Russia plays down South Ossetia crisis
Russian President Dmitry Medvedev on Monday played down an unprecedented post-election crisis gripping Georgia's Moscow-backed region of South Ossetia as a quarrel between rival clans.
"I do not like it much that they are quarrelling," Medvedev said in his first official response to the loss by a Kremlin-backed candidate to a female opposition leader in a leadership poll that was later annulled.
"But this happens, especially in small territories," Medvedev said. "They have a small number of participants representing various clans, which have altercations from time to time".
He also reaffirmed his support for the impoverished region, which is recognised as independent by Russia but no Western state, saying "it has enjoyed our support and will continue to do so."
South Ossetia, which was the focus of a brief 2008 Georgia-Russia war, has been rocked by continual protests since shortly after the November 27 ballot.
The region's outgoing strongman leader Eduard Kokoity vowed Monday to prevent a "revolution".
"This revolution will not happen here and we will not allow anyone to destabilise the situation inside the republic," said Kokoity, the Interfax news agency reported.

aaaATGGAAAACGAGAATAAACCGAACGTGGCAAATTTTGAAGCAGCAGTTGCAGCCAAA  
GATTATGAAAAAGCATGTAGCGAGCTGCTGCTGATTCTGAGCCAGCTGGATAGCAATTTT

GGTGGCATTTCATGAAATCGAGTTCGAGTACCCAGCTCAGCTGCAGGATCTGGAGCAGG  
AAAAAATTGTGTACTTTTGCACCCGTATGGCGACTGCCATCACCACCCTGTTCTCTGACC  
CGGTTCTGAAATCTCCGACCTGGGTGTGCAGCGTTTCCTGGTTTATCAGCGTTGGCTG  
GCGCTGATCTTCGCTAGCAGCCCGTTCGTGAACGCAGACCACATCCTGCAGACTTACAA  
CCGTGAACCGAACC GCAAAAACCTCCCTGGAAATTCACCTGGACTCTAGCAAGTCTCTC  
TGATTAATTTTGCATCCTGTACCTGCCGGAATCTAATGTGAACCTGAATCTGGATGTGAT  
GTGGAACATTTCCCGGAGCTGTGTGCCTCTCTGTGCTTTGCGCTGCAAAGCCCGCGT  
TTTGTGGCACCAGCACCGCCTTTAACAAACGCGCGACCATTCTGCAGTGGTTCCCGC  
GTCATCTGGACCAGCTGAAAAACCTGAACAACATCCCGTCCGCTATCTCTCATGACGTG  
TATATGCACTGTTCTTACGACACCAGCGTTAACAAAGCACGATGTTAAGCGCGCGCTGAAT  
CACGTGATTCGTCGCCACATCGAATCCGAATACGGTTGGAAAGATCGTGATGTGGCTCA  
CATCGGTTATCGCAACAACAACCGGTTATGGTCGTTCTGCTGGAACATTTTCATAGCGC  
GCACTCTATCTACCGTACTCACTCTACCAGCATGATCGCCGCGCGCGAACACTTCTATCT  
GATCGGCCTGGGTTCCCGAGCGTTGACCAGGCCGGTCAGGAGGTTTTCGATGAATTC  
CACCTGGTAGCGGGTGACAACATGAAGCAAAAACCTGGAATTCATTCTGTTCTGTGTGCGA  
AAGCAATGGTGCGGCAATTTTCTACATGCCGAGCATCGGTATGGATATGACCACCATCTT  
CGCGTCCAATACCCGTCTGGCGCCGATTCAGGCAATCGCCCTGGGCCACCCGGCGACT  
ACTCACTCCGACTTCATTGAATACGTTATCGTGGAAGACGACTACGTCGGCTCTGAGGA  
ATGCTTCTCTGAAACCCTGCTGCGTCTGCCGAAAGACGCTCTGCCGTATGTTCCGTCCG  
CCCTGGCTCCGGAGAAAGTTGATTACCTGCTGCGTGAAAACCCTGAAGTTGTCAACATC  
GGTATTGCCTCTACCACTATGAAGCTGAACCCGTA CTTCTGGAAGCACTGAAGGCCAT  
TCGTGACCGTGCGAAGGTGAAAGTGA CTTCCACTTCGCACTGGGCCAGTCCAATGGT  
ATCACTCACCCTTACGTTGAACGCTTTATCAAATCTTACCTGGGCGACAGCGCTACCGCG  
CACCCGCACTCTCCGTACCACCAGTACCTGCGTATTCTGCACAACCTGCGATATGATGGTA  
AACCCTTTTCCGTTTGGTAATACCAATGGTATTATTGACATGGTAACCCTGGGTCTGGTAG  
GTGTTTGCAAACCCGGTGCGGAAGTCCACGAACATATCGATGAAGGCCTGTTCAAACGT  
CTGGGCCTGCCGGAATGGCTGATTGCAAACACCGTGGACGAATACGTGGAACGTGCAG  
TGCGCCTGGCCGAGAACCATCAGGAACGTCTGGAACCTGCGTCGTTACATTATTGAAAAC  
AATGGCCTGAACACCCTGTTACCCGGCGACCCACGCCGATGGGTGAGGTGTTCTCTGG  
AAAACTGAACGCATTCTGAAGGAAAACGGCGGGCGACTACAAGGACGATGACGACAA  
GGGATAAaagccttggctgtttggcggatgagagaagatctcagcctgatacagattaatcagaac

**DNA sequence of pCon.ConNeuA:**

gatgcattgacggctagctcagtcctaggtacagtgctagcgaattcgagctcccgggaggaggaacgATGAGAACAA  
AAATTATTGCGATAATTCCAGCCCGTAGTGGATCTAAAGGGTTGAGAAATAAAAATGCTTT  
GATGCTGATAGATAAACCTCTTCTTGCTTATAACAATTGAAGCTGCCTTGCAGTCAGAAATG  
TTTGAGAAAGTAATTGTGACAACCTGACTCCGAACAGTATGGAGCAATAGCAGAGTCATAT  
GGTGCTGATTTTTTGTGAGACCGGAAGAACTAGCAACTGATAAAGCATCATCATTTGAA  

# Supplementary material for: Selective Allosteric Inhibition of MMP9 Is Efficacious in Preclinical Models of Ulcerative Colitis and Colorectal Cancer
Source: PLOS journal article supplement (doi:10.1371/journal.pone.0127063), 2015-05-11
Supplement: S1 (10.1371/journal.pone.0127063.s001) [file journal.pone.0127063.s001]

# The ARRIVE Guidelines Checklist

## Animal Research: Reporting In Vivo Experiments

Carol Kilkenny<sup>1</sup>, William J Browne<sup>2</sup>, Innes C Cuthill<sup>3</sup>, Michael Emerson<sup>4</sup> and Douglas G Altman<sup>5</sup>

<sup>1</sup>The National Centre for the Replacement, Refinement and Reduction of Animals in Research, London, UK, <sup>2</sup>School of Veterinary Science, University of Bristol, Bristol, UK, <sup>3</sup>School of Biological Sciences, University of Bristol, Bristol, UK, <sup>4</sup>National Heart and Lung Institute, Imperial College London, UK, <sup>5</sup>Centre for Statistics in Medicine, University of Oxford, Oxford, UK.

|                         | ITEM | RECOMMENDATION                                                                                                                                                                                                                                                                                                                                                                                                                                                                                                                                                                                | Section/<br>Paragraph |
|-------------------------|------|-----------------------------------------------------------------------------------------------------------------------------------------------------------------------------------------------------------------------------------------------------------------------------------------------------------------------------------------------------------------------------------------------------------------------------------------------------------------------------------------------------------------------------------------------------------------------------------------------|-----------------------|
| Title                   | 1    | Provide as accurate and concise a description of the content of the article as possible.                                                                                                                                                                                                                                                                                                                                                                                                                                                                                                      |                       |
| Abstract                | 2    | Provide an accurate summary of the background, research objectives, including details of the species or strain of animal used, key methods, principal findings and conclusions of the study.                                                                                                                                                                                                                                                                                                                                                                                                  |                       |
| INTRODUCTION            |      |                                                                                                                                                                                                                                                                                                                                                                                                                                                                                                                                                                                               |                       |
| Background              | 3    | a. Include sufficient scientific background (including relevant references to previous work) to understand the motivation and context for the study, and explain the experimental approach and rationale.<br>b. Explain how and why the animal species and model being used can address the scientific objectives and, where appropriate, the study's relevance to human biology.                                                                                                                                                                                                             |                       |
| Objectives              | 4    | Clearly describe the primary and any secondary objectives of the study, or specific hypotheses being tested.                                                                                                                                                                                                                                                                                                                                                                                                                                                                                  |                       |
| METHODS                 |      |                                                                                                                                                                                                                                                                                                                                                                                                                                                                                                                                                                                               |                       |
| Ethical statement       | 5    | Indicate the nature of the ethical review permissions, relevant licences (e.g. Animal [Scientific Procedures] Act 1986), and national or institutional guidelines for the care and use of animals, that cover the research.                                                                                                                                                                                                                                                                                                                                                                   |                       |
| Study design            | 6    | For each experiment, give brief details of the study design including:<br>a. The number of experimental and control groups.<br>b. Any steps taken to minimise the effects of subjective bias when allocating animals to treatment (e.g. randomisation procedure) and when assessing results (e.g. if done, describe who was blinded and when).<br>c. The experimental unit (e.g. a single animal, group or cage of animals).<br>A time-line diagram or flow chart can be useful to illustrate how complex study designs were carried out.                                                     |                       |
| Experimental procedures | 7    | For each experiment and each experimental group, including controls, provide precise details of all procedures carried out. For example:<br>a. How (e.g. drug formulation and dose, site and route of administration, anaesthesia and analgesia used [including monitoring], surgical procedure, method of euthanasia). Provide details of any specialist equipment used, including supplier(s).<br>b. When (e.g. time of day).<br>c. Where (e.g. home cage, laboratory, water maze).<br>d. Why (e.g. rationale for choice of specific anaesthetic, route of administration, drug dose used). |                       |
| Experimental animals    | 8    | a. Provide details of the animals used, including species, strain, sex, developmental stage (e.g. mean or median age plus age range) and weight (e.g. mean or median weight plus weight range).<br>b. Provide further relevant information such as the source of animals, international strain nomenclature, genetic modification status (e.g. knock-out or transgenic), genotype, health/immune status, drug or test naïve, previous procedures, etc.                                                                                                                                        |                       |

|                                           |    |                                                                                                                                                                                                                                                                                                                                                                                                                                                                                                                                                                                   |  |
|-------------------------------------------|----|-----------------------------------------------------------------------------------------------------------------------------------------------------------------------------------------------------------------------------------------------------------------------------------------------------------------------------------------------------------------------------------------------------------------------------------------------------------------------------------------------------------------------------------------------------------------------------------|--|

But apparent poll winner Alla Dzhioyeva, who has declared herself president, maintained her defiance by calling on Kokoity to leave office within two days.
"Within two days you can leave us in peace," she said, according to Interfax.
A new election has been scheduled for March 25 but the court has barred Dzhioyeva from participating.
Russia last week sent a senior administration official to try to defuse the crisis, which has embarrassed the Kremlin after the candidate it backed was defeated in the leadership vote.
Talks so far have continued without results.
Moscow recognised the independence of South Ossetia and another breakaway Georgian region, Abkhazia, shortly after the 2008 war despite other world powers insisting that both territories remain an integral part of Georgia.
Georgia said fair elections were impossible because the breakaway region is "occupied" by thousands of Russian troops stationed there since the war, when most ethnic Georgian inhabitants were expelled.
© 2011 AFP